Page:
WHOOver 2 million people have participated in the World’s Greatest Shave. Some have a personal connection to blood cancer while others take part to challenge themselves for the greater good.

WHEN: World’s Greatest Shave event takes place during March 11 – 15, however you can sign up, participate or sponsor at any time during the year.

WHEREAcross Australia at home, work, school and in public community locations (see for a list of local places to join)

HOWSign up now at or call 1800 500 088

WHAT’S NEWOver 30,000 kilograms of hair is estimated to have been shaved and cut over 20 years. With ponytails over 20cm long going back to make wigs for cancer patients, in 2020 the World’s Greatest Shave has partnered with Sustainable Salons ANZ to ensure all hair can be re-used, with shorter hair donated to be used in ‘hair booms’ to soak up oil spills in ocean waters.

FUN FACTHundreds of sporting champions and celebrities have shaved, cut or coloured their hair throwing their support alongside every day Australians including Kerrie-Anne Kennerley, Steve Irwin with his family, Larry Emdur, Tex Walker, Shane Crawford, Andrew Symonds, Meshel Laurie, Channel 9’s The Block, Steve O’Donnell and Chantelle Ford (Blockheads), Radio HIT105 Breakfast presenter Abby Coleman and ABC Breakfast TV presenters Paul Kennedy and Nate Byrne.

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Brett’s well and back living in the moment

Brett’s well and back living in the moment

Brett Conley, centre front, with her family on her 27th birthday in 2018.
Brett Conley, centre front, with her family on her 27th birthday in 2018.

Before she got sick in 2018, Brett Conley was “living a really great life” with “a great job, great friends, a great new boyfriend, and a great family.

After completing her chartered accountancy studies and working in corporate banking at ANZ in hometown Brisbane, she had moved roles with her employer to Melbourne early the previous year.

“It was a really exciting time,” said Brett.

She was establishing a new friendship group, had been dating Ken Nguyen for six months, and had been promoted to a manager role at work.

Only a month later, on Valentine’s Day 2018, everything in Brett’s life changed when she was diagnosed with ALL, aged 26.

That day she found out the symptoms that had plagued her for several weeks were signs of blood cancer. And that night, instead of enjoying a romantic night out with Ken, she was in hospital and was told she had leukaemia.

“It was pretty scary,” said Brett, now 28.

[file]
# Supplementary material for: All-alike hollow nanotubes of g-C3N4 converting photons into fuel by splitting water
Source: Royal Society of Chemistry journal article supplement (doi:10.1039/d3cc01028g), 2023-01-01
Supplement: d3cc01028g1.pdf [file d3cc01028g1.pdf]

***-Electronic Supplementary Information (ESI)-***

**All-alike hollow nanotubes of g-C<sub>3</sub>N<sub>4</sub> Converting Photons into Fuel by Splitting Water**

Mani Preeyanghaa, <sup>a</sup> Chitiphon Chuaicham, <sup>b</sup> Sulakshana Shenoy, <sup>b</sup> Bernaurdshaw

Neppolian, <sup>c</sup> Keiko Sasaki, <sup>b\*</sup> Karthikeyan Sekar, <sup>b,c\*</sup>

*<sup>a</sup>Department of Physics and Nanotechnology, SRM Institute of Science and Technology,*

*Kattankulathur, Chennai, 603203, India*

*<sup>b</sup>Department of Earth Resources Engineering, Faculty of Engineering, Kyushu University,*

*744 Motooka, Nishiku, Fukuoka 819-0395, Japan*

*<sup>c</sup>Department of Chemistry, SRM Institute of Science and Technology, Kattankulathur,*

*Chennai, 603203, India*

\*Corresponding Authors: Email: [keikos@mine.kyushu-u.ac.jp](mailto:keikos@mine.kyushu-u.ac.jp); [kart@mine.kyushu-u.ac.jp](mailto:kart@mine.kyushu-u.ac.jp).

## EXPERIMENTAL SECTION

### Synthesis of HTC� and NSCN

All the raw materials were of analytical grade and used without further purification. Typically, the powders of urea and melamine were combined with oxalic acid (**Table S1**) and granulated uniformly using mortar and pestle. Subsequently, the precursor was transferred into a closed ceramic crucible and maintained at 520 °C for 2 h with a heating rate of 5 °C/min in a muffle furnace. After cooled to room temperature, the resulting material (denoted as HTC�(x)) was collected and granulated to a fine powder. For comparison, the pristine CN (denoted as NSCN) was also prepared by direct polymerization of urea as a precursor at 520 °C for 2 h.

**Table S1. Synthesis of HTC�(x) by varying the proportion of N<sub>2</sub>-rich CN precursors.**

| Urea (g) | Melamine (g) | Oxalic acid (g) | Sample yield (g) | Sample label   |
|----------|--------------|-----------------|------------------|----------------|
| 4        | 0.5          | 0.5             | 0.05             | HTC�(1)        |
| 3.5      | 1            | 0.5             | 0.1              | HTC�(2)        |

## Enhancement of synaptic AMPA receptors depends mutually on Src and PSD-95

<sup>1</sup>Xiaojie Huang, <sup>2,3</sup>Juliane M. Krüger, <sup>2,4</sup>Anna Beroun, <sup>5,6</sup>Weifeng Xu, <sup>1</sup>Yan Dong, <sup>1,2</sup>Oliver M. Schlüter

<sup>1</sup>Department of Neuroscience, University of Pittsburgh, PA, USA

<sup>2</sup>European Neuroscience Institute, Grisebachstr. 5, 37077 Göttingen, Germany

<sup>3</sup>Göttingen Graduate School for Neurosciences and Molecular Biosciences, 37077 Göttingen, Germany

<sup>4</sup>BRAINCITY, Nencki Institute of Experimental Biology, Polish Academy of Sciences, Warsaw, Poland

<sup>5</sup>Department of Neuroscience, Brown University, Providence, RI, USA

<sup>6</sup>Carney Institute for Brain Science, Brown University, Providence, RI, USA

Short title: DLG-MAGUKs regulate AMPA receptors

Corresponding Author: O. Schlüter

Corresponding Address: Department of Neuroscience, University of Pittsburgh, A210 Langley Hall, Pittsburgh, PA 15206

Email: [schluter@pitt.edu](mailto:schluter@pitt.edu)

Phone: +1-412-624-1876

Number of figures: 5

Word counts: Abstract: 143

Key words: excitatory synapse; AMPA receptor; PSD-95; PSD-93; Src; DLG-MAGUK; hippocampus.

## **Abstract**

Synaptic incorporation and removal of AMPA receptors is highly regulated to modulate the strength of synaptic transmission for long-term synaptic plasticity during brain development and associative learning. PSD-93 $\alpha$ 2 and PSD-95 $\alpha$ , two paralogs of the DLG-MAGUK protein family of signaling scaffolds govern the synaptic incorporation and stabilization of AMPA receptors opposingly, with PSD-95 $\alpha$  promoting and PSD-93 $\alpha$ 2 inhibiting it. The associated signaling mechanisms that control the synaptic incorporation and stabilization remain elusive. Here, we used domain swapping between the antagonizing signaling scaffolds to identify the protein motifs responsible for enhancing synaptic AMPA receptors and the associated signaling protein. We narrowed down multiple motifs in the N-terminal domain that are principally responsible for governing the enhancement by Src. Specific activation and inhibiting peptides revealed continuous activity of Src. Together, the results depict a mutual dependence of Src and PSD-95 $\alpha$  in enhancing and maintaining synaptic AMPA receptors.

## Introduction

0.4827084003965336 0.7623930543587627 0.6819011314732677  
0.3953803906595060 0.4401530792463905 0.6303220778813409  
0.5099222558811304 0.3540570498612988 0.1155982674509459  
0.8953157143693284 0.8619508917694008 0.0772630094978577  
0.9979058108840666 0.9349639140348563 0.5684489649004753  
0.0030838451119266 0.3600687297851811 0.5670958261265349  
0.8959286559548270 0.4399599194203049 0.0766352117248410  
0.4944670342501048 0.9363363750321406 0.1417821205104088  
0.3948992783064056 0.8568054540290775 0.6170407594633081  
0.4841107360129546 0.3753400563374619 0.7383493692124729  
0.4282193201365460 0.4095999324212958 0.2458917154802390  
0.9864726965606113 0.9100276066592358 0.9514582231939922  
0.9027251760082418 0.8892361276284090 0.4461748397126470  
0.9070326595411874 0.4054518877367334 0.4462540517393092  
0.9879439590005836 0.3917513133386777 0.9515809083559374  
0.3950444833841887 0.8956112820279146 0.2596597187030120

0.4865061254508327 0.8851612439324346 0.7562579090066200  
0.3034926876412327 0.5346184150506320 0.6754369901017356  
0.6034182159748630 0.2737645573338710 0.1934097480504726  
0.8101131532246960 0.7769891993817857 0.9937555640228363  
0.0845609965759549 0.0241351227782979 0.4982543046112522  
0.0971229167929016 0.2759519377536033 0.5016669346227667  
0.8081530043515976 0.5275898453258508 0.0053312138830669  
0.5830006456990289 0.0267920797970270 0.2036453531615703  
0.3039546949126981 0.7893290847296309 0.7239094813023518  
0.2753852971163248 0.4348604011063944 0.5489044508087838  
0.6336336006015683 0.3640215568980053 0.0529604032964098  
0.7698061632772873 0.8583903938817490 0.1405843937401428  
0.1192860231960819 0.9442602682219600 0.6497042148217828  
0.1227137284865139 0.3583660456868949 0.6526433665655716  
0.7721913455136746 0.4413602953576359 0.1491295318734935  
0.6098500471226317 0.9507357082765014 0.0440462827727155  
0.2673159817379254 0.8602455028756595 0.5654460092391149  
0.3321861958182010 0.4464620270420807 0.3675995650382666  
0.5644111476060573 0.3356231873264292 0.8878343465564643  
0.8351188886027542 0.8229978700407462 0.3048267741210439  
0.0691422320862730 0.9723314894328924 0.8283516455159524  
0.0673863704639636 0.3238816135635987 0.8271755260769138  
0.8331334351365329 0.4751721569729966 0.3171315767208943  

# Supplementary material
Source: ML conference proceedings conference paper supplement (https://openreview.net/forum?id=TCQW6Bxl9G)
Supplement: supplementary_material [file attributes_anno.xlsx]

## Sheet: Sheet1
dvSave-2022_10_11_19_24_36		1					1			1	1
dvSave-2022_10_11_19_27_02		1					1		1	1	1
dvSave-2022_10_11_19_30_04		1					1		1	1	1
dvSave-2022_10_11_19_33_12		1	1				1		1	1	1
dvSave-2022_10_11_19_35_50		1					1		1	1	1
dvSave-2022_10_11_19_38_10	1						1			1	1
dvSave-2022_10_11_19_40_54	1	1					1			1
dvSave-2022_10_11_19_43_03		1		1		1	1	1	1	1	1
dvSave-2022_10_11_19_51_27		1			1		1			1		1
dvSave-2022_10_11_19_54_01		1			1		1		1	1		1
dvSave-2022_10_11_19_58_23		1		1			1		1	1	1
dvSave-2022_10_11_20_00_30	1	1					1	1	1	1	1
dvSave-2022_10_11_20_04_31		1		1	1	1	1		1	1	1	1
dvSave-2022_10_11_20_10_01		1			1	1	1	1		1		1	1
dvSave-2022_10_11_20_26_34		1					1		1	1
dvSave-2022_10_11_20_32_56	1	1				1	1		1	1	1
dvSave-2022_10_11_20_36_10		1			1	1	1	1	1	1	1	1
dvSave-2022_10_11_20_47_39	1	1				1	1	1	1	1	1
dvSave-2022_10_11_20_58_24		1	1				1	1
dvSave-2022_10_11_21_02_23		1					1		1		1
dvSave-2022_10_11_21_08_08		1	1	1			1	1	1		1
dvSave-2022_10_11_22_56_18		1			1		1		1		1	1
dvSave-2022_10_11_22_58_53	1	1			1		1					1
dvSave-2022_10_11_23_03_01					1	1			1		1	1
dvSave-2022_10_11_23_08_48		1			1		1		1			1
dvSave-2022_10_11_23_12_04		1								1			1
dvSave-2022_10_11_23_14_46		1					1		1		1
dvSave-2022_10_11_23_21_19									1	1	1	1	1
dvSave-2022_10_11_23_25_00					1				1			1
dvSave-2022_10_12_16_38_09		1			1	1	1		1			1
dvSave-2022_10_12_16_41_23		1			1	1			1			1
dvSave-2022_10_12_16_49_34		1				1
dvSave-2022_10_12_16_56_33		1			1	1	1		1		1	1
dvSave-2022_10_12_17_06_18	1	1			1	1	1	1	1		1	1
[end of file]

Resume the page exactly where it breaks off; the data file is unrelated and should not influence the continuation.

“Nothing really bad had ever happened to me, or my friends or family,” she said. And apart from visiting elderly relatives, she had never been to hospital.

The lead-up to Brett’s diagnosis with ALL

After going home for Christmas 2017, Brett had returned to Melbourne and was travelling with work when she got a “really bad cold” in early-January.  She thought she was rundown.

When she developed a “terrible cough” and went to a pharmacy to get some cough medicine, the pharmacist said, ‘no cough medicine’s going to treat that, you should go to hospital – it’s a pretty serious cough’.

“I said, ‘I’m alright, it’s just a cough, I’ll get over it, it’s not big deal’,” said Brett. “So weeks kind of went by, and I started to get really tired.

“It got to Australia Day weekend and I got really sunburnt on my chest, so didn’t realise I had a rash as well – little tiny purple dots. Then I realised as time went by that the rash was also on my legs.

“I thought this was a bit weird,” said Brett, who also thought it weird when she started sweating at night.

“Then my teeth and gums started to bleed, and I started to get nosebleeds.

“A few days before I was diagnosed, I went home after work and was pretty much unable to get upstairs without feeling really tired. I thought that was a bit odd, as I am a relatively fit young person.

“It was getting hard to get up in the mornings and I was getting an Uber to work because I couldn’t face the tram.

Valentine’s Day 2018 – when Brett was told she had leukaemia

“On the morning of the 14th, I went to work feeling pretty lousy, sat down at my desk and blew so much blood out of my nose, I thought – this isn’t right,” said Brett, so she went to a GP near work.

“I didn’t tell anyone I was going. I thought it’d just be a 15-minute appointment and I’d be told I had a sinus infection and to take a few days off work.

“I explained my symptoms and he said I needed to go straight to emergency as my symptoms were pretty common for lymphoma or leukaemia.